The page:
I’ve realized that this is a part of my impatience with people in general. I have been working to “shut up” more. I think I will get together with another one of my talkative friends today and begin to start holding each other accountable.

Please keep telling it like it is so people like me will not always tell it like it is.

Well, I’m thankful that woman has a teachable spirit, and she illustrates what I think is one of the keys to developing meekness and quietness of spirit, and that is to get other believers involved in your life, to do life together with others. God never intended us to become mature believers on our own. We need others. So she said, “I’m going to get together with a friend who also struggles with this issue of meekness, and we’re going to hold each other accountable.”

Now, I would suggest that not only do you get with people who struggle with the same sin issue, but also get with people who evidence grace in this area of their lives who evidence a humble and a meek spirit. Hang around them. Spend time with them, and ask them to pray for you. Ask them to hold you accountable.

I said to my staff, "When you see patterns in my life of this or other areas that are not glorifying to the Lord and I'm not catching it, love me enough to come and help me to see it." It may be a blind spot how I'm dealing with this situation. Don't just let me run over people, blab at the mouth, and say things I shouldn't be saying and fail to glorify God. Give people the freedom to speak into your life. We need to help each other. I need them in my life. You need others in your life. We need each other. So get other believers involved as this woman said she’s going to do.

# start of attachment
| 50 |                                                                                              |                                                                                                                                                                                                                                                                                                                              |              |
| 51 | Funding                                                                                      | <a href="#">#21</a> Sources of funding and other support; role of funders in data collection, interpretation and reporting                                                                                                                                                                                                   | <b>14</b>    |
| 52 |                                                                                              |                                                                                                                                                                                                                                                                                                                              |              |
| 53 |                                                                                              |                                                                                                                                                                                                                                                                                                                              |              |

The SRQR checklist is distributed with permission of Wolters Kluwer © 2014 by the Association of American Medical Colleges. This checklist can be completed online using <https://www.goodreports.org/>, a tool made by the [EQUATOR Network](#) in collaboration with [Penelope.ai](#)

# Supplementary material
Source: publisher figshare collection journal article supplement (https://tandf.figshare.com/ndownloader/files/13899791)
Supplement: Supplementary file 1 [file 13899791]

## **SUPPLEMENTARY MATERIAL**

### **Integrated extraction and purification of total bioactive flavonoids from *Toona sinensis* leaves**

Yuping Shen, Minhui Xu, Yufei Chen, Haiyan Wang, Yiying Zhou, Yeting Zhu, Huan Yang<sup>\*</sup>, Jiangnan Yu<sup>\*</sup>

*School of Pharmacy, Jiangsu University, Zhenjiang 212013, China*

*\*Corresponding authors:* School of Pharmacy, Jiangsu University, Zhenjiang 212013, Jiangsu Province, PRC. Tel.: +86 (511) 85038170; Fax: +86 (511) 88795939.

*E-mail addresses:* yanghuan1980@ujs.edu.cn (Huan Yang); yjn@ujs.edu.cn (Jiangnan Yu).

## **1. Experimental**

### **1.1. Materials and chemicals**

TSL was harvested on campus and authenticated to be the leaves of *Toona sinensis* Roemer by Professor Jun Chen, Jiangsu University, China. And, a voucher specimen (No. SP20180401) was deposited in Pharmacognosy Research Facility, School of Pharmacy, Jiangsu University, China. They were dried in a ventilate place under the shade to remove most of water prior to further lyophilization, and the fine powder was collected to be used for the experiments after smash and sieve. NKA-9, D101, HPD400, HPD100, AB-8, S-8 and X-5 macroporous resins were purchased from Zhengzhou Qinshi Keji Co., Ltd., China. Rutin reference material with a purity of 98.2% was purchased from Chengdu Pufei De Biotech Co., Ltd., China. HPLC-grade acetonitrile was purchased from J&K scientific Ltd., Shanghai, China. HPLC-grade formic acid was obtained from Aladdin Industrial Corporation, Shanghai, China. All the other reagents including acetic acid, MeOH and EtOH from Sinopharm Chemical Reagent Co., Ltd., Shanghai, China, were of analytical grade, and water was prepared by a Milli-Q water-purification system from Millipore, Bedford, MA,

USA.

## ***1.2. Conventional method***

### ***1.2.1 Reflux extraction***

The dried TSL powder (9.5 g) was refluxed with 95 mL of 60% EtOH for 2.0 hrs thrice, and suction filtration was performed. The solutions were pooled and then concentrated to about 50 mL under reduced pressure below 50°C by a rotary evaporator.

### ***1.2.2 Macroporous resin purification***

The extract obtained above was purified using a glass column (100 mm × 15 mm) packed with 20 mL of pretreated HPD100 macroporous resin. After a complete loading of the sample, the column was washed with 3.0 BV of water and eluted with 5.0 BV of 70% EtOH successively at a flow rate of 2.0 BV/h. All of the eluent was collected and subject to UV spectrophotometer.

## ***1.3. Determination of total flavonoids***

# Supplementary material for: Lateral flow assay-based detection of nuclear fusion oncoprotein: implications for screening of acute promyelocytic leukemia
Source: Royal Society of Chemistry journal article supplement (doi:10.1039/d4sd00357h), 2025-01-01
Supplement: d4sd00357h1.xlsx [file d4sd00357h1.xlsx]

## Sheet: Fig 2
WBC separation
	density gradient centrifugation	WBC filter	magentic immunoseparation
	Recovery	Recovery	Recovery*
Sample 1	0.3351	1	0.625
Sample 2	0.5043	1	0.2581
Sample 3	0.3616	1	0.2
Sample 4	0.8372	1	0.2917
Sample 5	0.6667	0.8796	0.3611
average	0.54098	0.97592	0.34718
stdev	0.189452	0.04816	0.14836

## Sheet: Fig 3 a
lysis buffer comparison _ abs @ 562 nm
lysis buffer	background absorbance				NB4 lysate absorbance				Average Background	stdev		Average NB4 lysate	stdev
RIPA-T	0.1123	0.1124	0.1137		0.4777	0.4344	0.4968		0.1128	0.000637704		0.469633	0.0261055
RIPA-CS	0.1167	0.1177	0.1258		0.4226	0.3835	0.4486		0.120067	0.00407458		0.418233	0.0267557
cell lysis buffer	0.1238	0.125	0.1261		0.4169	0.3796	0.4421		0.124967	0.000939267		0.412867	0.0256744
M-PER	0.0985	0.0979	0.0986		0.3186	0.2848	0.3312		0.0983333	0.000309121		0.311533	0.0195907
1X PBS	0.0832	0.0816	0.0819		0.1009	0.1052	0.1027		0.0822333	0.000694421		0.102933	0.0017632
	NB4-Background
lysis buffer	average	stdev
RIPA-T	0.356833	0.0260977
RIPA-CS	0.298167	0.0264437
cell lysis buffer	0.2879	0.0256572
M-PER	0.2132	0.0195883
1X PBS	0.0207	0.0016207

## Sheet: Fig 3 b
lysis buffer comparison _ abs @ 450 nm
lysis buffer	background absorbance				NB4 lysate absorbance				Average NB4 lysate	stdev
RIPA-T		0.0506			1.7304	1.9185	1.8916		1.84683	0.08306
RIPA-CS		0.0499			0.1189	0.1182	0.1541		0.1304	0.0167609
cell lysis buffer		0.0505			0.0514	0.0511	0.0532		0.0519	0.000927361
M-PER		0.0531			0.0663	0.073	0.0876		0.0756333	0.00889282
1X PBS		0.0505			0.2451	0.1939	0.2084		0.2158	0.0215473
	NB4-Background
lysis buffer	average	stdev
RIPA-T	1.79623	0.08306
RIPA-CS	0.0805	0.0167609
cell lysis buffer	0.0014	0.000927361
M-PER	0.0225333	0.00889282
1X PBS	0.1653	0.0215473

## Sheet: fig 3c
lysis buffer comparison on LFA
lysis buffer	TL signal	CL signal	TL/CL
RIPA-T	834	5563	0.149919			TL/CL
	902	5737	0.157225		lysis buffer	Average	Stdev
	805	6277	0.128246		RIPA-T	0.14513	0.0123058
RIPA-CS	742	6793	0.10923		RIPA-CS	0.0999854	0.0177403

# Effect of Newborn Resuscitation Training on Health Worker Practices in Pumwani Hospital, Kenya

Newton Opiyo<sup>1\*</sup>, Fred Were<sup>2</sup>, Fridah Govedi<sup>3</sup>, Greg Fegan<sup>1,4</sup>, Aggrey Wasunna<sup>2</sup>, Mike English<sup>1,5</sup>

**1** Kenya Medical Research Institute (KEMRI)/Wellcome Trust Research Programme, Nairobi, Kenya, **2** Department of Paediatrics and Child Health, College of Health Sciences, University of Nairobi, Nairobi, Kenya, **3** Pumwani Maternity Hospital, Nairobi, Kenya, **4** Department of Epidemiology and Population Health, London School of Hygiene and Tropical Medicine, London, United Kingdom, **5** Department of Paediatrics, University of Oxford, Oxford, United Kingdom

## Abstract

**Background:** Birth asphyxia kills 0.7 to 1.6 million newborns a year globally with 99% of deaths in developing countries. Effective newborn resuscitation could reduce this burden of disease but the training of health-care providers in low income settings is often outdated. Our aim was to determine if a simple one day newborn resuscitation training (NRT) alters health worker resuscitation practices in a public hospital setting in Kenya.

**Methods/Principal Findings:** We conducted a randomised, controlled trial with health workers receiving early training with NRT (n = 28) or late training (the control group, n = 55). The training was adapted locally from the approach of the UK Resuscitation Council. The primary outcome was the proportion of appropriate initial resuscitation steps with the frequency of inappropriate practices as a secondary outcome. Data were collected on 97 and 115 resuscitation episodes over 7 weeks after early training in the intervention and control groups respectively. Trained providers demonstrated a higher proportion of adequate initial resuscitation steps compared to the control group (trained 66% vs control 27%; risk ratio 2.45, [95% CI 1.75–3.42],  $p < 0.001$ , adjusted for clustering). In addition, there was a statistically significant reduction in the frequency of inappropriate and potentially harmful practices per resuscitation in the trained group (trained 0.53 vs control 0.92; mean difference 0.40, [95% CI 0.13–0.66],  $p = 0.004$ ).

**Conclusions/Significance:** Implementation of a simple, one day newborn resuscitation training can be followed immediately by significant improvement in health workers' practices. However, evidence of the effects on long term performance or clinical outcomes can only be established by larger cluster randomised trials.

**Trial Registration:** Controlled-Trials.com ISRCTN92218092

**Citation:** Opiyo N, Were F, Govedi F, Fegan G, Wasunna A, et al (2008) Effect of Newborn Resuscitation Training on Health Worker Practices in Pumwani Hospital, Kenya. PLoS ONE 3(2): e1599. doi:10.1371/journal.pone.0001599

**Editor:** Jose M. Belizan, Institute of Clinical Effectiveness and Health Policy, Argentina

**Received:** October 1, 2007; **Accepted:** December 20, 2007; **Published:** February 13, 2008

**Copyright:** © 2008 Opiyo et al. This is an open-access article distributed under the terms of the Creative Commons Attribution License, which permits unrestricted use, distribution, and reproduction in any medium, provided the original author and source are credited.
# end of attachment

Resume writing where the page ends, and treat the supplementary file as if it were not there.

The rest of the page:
Here’s another listener who said,

We relocated seven months ago, and it has been very stressful financially on both of us. I continually nag, micromanage, and resent my husband because I think my ways are better. [See the opposite of a meek spirit there?] By doing this, not only have I disrespected my husband, but I have disrespected and not trusted the Lord. I realize I am the one who is making this marriage miserable.

Thank God that that woman’s eyes are being opened. She’s taking responsibility. She’s not blaming her husband. She’s being honest about her nagging, micromanaging, resenting her husband; her pride, her arrogance that thinks, My ways are better. She’s realizing also that in doing this she’s not trusting the Lord. She’s trying to control, and that’s where a lack of meekness comes from.

So the honesty we talked about in the last session is illustrated in that woman. Be honest about how the lack of meekness is manifesting itself in your life.

I think it’s important for us women to hear from men how our lack of meekness affects them. Here’s a man who very honestly poured out his heart: